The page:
The Intimate Connection with Hardware: In the world of system programming, assembly language lets you dive into the heart of the machine. You’re not just instructing the computer; you’re conversing with it in its own language. While it may seem cryptic at first, learning assembly language grants you unparalleled insights into how the hardware functions. This knowledge is essential for tasks that require fine-grained control, such as writing device drivers or optimizing critical code paths.
Precision and Performance: When speed and efficiency are paramount, assembly language shines. It allows programmers to optimize code down to the clock cycle, making it invaluable for tasks like real-time systems, embedded devices, and high-performance computing. However, it’s a double-edged sword. Assembly language programming demands meticulous attention to detail and thorough testing, as errors can be unforgiving and challenging to debug.
Other Languages and Environments
While C, C++, and assembly language hold the spotlight in system programming, other languages have also entered the arena.
Rust: Safety Meets System Programming: Rust, a relatively new language, brings memory safety and system programming together. It combines low-level control with advanced safety features, reducing the risk of memory-related bugs. Rust’s ownership and borrowing system enforces strict rules that prevent common pitfalls like null pointer dereferences and buffer overflows.
Go: Concurrence and Simplicity: Go, also known as Golang, offers a modern take on system programming. Its simplicity, built-in concurrency support, and garbage collection make it an attractive choice for building scalable and efficient systems. Go’s focus on ease of use, along with its performance characteristics, has led to its adoption in areas like microservices and cloud computing.
Operating Systems and System Programming
Imagine your computer as a bustling metropolis, with myriad applications vying for resources like processing power, memory, and storage space. This is where the operating system (OS) steps in—a digital city planner ensuring harmony amid the chaos. The OS acts as an intermediary between hardware and software, managing resources, scheduling tasks, and providing a cohesive environment for applications to run.
Resource Management Symphony: One of the OS’s main roles in the world of system programming is resource management. It assigns memory to applications, allocates CPU time, and arbitrates access to devices like printers and disk drives. Just as a skilled conductor leads an orchestra, the OS orchestrates the allocation of resources to ensure a smooth performance by various software components.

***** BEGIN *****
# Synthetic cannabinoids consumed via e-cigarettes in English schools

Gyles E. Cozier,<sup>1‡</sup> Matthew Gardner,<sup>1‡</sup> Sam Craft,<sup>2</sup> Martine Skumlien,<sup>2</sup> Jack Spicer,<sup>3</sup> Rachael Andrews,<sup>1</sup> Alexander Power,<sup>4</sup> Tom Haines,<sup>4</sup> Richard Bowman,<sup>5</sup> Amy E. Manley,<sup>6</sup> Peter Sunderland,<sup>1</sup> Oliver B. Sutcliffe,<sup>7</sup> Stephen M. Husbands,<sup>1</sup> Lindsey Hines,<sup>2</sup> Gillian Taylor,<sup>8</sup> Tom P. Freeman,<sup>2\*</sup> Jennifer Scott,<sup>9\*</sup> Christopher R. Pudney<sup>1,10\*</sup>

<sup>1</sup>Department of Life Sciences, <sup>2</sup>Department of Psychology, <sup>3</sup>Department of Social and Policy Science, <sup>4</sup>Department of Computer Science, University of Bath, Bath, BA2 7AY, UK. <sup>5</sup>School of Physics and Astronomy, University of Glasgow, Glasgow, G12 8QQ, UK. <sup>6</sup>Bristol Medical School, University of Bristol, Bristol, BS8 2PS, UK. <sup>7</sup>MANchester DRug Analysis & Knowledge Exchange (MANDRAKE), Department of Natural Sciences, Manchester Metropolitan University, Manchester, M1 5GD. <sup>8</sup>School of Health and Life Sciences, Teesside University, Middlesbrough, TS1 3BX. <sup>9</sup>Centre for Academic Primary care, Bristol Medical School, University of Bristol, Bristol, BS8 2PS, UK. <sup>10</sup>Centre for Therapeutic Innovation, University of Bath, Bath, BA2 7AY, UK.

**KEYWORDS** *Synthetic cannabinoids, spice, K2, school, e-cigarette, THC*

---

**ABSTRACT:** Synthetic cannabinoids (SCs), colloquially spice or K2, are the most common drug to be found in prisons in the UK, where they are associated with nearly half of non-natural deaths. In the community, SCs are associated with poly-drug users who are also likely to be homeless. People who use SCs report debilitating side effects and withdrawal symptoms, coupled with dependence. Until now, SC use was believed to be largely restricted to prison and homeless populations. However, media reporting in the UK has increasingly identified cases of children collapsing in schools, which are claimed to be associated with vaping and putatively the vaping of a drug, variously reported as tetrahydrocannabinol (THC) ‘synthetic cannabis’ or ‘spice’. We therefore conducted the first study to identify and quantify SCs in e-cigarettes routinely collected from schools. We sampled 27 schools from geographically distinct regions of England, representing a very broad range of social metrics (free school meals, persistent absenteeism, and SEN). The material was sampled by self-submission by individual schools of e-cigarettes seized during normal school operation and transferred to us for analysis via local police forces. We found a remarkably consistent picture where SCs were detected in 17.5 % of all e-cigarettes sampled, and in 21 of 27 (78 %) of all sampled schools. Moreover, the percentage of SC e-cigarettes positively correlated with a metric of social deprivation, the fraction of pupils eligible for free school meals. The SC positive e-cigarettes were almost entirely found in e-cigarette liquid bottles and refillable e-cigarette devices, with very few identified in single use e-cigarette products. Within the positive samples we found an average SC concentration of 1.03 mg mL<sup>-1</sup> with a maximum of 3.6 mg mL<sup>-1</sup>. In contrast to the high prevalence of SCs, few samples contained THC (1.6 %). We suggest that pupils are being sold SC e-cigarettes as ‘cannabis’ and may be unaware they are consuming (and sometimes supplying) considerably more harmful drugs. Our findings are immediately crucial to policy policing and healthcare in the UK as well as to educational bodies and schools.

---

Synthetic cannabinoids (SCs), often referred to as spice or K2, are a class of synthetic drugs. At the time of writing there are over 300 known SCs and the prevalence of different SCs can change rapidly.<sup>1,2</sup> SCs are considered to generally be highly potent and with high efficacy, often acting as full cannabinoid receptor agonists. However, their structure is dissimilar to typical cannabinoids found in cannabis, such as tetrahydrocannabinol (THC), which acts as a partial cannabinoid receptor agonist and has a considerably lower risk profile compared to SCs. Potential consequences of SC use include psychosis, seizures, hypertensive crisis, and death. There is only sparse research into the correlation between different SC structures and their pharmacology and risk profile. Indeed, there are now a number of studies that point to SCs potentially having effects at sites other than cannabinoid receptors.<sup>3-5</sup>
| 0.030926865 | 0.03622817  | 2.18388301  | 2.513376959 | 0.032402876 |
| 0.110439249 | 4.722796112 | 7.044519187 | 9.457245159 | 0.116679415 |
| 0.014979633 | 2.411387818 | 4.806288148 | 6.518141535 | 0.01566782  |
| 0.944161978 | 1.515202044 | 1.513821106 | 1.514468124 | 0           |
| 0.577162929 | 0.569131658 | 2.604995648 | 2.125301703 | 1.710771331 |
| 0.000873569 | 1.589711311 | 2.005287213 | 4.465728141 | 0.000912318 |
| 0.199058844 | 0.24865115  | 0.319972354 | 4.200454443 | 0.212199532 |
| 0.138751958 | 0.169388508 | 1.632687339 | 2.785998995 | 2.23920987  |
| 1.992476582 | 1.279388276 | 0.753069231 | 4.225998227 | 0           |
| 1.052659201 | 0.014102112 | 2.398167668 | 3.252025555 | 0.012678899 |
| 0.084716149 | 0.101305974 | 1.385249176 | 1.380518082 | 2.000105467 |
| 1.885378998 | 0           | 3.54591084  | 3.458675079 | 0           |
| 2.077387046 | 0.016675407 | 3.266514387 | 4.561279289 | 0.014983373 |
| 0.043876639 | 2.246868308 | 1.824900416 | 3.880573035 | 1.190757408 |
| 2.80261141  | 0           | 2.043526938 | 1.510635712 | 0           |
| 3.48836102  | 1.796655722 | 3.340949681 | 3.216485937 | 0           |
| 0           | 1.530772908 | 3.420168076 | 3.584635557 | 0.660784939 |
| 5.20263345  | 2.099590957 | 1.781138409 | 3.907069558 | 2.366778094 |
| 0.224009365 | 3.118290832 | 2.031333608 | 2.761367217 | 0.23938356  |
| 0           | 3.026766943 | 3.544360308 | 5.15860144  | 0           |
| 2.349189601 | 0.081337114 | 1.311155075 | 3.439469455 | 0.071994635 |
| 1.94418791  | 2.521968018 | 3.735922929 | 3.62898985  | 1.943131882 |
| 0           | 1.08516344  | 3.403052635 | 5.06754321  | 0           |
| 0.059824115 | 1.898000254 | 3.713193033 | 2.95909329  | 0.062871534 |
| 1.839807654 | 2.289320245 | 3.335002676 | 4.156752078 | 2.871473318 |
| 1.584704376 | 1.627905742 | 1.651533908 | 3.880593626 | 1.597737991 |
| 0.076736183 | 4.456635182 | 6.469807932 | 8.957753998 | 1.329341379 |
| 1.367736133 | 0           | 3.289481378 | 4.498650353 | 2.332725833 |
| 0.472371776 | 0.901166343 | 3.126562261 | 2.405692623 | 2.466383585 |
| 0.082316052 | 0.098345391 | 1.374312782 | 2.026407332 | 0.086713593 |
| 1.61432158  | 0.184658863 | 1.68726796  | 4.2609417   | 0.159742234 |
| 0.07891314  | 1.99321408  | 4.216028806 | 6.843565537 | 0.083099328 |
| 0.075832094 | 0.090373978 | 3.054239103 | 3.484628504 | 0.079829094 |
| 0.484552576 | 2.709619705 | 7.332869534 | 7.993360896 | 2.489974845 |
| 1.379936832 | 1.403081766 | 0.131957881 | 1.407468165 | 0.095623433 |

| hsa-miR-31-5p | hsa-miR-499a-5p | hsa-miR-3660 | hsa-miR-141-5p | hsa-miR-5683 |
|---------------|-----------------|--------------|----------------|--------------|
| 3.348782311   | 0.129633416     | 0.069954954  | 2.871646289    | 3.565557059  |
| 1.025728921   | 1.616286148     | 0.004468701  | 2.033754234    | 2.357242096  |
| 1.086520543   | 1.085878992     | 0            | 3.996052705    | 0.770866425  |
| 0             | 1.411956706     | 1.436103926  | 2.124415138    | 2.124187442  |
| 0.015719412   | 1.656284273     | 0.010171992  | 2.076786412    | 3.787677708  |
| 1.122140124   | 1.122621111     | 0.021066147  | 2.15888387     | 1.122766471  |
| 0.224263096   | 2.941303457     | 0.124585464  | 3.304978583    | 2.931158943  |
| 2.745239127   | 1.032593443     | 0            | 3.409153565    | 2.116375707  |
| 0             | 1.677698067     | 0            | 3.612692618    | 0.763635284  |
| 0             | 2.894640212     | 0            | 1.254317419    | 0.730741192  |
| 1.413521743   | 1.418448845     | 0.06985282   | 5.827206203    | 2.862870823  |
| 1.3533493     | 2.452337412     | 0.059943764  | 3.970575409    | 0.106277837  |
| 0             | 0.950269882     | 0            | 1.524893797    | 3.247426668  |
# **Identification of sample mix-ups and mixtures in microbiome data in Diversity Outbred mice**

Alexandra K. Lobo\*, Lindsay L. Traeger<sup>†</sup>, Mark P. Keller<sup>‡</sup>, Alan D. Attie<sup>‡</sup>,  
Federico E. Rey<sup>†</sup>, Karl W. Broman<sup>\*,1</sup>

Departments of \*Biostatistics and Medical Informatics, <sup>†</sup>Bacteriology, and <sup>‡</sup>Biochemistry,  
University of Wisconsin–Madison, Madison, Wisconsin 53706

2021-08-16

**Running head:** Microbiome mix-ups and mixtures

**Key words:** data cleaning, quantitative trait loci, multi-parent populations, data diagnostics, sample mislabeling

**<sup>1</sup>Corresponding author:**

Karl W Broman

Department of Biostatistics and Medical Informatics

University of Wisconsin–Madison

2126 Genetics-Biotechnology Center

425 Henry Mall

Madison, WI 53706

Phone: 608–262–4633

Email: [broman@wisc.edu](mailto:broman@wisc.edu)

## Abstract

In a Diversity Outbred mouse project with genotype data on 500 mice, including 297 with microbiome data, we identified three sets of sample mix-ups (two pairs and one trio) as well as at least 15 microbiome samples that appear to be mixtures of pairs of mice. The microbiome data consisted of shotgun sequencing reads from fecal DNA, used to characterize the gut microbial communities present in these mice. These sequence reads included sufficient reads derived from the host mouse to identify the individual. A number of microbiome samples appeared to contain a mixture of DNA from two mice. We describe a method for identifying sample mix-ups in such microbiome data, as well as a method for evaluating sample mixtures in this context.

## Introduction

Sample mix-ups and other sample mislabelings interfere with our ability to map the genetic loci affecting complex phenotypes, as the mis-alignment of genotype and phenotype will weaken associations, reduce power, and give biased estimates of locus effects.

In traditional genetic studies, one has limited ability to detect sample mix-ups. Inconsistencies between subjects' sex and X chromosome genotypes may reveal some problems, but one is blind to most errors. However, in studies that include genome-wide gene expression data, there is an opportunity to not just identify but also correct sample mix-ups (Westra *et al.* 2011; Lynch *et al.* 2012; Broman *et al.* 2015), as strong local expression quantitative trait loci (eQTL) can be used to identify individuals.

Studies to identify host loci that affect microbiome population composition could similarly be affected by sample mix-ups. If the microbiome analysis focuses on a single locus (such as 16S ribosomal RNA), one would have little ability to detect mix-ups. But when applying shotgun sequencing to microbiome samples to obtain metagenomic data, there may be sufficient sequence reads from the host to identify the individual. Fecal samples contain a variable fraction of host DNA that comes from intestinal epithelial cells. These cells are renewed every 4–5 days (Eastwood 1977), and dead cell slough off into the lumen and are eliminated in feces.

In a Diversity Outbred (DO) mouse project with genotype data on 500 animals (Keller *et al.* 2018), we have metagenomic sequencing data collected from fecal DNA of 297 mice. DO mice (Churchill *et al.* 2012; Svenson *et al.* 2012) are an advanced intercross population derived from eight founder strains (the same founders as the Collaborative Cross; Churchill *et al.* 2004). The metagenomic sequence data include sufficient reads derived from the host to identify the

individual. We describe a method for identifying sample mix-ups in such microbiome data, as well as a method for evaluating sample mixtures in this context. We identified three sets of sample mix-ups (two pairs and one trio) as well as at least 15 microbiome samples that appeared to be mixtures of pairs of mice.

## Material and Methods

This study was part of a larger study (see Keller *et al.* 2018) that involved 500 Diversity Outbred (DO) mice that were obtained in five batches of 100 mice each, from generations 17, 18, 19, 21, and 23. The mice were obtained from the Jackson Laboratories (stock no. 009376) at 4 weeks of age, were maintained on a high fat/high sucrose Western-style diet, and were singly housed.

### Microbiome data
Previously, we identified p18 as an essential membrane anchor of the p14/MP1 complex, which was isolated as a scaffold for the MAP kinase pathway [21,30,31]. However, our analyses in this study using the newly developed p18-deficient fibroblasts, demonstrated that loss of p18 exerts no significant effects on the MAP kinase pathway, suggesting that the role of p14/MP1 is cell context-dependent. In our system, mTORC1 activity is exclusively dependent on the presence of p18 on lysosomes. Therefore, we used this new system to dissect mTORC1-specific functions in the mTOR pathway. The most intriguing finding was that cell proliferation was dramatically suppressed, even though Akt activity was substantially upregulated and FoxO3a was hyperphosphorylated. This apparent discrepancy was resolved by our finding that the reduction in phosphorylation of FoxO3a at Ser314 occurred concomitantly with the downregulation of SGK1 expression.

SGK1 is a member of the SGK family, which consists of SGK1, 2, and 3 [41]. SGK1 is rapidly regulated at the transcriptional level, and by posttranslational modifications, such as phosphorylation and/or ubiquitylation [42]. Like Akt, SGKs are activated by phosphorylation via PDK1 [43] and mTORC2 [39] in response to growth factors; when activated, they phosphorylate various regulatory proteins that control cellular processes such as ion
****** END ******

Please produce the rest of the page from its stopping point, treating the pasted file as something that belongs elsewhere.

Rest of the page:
Abstraction for Developers: The OS provides a layer of abstraction that shields application developers from the nitty-gritty details of hardware. Instead of worrying about hardware-specific instructions, programmers interact with the OS through well-defined interfaces. This abstraction simplifies application development, making it possible to write software that’s compatible with various hardware configurations.
At the core of an operating system lies the kernel—a crucial piece responsible for managing essential functions and serving as the bridge between hardware and software. Kernel development is the pinnacle of system programming, involving the creation and maintenance of this foundational component.
The Kernel’s Blueprint: Think of the kernel as the architectural blueprint of a city, defining the layout of streets (system calls), infrastructure (device drivers), and rules (policies and security measures). Kernel programmers craft this blueprint with precision, ensuring it remains stable, secure, and compatible with a wide range of hardware.
Kernel Modules: Much like a modular building design, the kernel can be expanded with additional functionalities called kernel modules. These modules are like plug-ins that enhance the kernel’s capabilities without altering its core structure. This modularity allows for a dynamic and customizable operating system tailored to specific needs.
Kernel development isn’t for the faint of heart. It requires deep understanding of hardware architecture, memory management, concurrency control, and security principles. Mistakes at this level can lead to system crashes, data corruption, and security vulnerabilities. However, when done right, kernel development empowers the operating system to be robust, efficient, and adaptable.
Tools and Technologies
Just like an archaeologist uncovers hidden secrets of the past, debugging is the art of unveiling the mysteries of your code. Debugging in system programming involves hunting down elusive bugs that can affect the stability and performance of software. It’s a bit like detective work—piecing together clues from error messages, crash dumps, and unexpected behavior to identify and fix issues.
Tools of the Debugging Trade: Debuggers are your magnifying glass in this investigation. They allow you to step through code, inspect variables, and trace the execution path. Breakpoints are like markers you drop along the code’s journey, enabling you to pause the program’s execution at specific points to examine its state.